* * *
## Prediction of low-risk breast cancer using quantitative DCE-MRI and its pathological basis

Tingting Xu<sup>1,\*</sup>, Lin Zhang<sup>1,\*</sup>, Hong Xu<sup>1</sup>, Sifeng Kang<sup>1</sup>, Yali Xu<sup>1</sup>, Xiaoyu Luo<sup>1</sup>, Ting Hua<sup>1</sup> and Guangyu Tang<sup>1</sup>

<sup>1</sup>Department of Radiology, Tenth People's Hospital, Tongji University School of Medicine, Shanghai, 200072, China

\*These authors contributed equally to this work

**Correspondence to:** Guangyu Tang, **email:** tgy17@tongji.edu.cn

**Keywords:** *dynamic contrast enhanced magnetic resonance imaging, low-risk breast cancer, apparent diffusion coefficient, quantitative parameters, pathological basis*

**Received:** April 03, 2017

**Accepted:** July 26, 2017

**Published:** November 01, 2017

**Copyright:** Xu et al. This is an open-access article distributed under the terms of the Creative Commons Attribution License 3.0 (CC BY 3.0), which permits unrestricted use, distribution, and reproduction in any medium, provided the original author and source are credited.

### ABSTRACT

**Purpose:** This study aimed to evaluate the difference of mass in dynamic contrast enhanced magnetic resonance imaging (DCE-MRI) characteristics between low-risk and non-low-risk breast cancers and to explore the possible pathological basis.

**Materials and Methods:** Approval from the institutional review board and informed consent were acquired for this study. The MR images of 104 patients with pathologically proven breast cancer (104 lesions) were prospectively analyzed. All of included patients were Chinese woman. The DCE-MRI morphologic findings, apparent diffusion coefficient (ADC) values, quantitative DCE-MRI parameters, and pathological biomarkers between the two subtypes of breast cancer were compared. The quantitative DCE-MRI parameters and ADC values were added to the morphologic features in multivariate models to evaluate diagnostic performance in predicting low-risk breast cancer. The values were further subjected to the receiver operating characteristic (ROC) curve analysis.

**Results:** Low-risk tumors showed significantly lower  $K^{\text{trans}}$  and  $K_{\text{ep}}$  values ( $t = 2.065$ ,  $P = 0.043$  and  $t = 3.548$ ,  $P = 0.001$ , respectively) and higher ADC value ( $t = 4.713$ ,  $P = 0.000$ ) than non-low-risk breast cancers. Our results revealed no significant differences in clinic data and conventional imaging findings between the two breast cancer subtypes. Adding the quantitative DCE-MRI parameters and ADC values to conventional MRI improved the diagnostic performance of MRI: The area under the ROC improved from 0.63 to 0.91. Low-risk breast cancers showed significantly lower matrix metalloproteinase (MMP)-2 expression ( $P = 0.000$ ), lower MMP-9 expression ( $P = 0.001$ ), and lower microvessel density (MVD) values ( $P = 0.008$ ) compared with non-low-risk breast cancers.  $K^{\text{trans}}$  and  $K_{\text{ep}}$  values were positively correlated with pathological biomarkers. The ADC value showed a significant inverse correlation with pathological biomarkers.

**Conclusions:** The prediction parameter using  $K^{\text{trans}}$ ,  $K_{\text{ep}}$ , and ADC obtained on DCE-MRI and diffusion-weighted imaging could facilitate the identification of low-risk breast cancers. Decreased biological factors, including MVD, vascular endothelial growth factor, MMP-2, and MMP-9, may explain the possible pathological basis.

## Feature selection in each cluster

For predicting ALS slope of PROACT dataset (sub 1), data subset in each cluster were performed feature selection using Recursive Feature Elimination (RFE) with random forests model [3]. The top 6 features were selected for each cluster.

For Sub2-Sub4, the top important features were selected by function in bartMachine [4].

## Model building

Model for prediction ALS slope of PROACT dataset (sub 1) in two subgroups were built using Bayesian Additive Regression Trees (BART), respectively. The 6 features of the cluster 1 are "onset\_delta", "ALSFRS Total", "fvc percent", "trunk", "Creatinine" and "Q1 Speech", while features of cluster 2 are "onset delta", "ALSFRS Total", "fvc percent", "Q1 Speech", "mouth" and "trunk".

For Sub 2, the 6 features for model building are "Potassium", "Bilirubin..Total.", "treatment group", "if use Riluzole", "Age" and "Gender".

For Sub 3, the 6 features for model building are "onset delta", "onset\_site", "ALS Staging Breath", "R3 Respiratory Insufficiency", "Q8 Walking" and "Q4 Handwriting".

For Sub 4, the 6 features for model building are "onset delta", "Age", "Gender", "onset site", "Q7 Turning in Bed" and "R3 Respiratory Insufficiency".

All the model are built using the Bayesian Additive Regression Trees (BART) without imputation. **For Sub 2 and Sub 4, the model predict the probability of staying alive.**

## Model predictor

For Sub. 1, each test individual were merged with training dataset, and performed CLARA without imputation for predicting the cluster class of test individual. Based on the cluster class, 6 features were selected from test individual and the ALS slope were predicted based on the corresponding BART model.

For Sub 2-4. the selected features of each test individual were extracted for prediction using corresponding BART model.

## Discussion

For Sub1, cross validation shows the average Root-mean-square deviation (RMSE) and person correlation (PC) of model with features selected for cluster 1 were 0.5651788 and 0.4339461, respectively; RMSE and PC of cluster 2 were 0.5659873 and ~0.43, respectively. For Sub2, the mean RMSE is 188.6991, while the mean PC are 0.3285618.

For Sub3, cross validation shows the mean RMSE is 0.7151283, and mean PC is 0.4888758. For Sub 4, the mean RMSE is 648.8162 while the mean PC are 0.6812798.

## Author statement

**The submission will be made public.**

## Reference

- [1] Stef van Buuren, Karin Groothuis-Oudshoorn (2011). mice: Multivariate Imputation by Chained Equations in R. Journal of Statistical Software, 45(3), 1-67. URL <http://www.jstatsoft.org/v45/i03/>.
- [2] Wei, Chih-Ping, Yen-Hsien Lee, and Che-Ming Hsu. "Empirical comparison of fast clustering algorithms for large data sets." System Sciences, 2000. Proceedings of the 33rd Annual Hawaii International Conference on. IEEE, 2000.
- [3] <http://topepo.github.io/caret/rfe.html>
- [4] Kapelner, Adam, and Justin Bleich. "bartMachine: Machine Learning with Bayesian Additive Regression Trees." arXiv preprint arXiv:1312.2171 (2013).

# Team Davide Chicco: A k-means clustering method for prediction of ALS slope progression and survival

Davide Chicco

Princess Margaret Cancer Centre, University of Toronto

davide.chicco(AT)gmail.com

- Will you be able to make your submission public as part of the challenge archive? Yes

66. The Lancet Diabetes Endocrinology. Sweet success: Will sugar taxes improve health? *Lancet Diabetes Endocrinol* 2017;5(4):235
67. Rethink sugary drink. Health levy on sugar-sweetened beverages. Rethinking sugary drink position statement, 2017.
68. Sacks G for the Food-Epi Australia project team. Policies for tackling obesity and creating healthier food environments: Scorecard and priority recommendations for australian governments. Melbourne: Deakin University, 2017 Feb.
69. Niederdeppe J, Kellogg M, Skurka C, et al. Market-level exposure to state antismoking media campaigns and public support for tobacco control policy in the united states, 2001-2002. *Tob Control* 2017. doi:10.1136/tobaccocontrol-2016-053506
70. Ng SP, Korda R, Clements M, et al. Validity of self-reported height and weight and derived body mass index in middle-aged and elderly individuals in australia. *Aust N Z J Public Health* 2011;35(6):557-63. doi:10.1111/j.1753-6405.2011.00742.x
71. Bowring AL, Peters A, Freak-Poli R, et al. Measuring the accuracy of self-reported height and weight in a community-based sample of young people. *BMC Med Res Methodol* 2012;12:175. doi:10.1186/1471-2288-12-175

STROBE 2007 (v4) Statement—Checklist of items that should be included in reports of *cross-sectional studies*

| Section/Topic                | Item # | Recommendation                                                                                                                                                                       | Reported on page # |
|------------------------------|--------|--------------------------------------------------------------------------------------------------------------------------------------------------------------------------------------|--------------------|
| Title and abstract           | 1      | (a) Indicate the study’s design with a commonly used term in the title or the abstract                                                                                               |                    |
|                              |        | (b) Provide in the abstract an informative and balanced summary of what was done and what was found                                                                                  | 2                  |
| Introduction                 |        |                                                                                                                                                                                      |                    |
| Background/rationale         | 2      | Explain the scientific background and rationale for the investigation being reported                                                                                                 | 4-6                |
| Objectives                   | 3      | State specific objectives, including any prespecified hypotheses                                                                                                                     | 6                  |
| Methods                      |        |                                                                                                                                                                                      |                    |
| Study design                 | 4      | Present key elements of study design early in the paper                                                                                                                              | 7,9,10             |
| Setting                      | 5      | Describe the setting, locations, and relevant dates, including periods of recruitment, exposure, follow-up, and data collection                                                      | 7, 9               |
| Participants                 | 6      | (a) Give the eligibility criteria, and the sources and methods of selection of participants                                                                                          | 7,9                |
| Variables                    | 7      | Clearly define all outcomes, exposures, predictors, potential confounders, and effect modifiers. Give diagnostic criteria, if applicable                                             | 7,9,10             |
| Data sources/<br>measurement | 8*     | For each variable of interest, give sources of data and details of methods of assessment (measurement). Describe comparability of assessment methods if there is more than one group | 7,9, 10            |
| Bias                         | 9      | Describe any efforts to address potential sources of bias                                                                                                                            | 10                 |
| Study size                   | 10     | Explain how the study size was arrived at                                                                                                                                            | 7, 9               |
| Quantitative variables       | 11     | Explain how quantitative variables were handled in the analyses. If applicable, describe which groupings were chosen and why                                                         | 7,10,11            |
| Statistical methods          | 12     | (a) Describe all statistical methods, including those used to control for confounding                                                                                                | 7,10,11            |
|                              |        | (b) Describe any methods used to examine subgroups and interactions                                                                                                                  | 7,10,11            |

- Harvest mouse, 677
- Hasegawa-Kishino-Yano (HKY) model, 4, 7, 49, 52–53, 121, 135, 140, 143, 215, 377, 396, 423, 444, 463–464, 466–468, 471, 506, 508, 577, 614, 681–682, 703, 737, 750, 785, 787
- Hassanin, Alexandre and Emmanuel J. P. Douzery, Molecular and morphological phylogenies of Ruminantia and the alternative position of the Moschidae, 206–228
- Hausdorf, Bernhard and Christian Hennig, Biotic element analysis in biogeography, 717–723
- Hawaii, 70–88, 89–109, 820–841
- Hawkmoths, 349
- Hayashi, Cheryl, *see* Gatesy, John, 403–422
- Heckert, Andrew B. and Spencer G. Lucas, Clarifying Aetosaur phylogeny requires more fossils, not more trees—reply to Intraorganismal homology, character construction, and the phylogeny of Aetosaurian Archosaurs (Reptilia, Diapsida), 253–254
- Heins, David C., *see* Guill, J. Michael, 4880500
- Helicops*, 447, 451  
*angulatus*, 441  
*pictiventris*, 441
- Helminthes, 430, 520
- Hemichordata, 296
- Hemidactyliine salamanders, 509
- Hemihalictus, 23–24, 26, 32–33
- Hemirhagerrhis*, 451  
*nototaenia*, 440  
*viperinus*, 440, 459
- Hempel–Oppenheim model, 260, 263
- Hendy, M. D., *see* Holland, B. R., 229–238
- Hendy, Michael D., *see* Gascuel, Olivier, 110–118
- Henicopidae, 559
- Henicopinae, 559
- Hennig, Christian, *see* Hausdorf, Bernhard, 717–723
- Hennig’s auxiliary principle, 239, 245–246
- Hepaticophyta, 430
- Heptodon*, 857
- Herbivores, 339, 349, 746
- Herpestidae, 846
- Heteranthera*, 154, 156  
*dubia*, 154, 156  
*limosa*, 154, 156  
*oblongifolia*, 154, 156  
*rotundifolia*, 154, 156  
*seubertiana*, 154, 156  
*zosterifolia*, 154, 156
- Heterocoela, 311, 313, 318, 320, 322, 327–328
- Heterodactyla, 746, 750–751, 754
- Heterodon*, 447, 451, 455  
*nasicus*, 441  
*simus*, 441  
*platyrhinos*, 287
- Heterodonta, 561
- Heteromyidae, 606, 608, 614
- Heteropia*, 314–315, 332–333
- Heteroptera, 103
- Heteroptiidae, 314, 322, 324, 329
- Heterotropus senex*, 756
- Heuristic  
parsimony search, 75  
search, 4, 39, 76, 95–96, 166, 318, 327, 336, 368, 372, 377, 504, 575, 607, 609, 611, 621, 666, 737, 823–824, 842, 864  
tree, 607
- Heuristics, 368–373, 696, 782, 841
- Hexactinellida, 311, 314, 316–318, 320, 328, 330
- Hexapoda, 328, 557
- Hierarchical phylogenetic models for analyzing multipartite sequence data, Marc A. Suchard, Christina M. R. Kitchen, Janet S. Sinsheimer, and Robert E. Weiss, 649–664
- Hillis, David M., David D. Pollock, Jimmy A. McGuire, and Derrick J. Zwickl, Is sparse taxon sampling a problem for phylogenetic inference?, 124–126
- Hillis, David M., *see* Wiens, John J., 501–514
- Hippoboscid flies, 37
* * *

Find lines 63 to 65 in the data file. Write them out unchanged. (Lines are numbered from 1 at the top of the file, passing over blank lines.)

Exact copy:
| Bias                         | 9      | Describe any efforts to address potential sources of bias                                                                                                                            | 10                 |
| Study size                   | 10     | Explain how the study size was arrived at                                                                                                                                            | 7, 9               |
| Quantitative variables       | 11     | Explain how quantitative variables were handled in the analyses. If applicable, describe which groupings were chosen and why                                                         | 7,10,11            |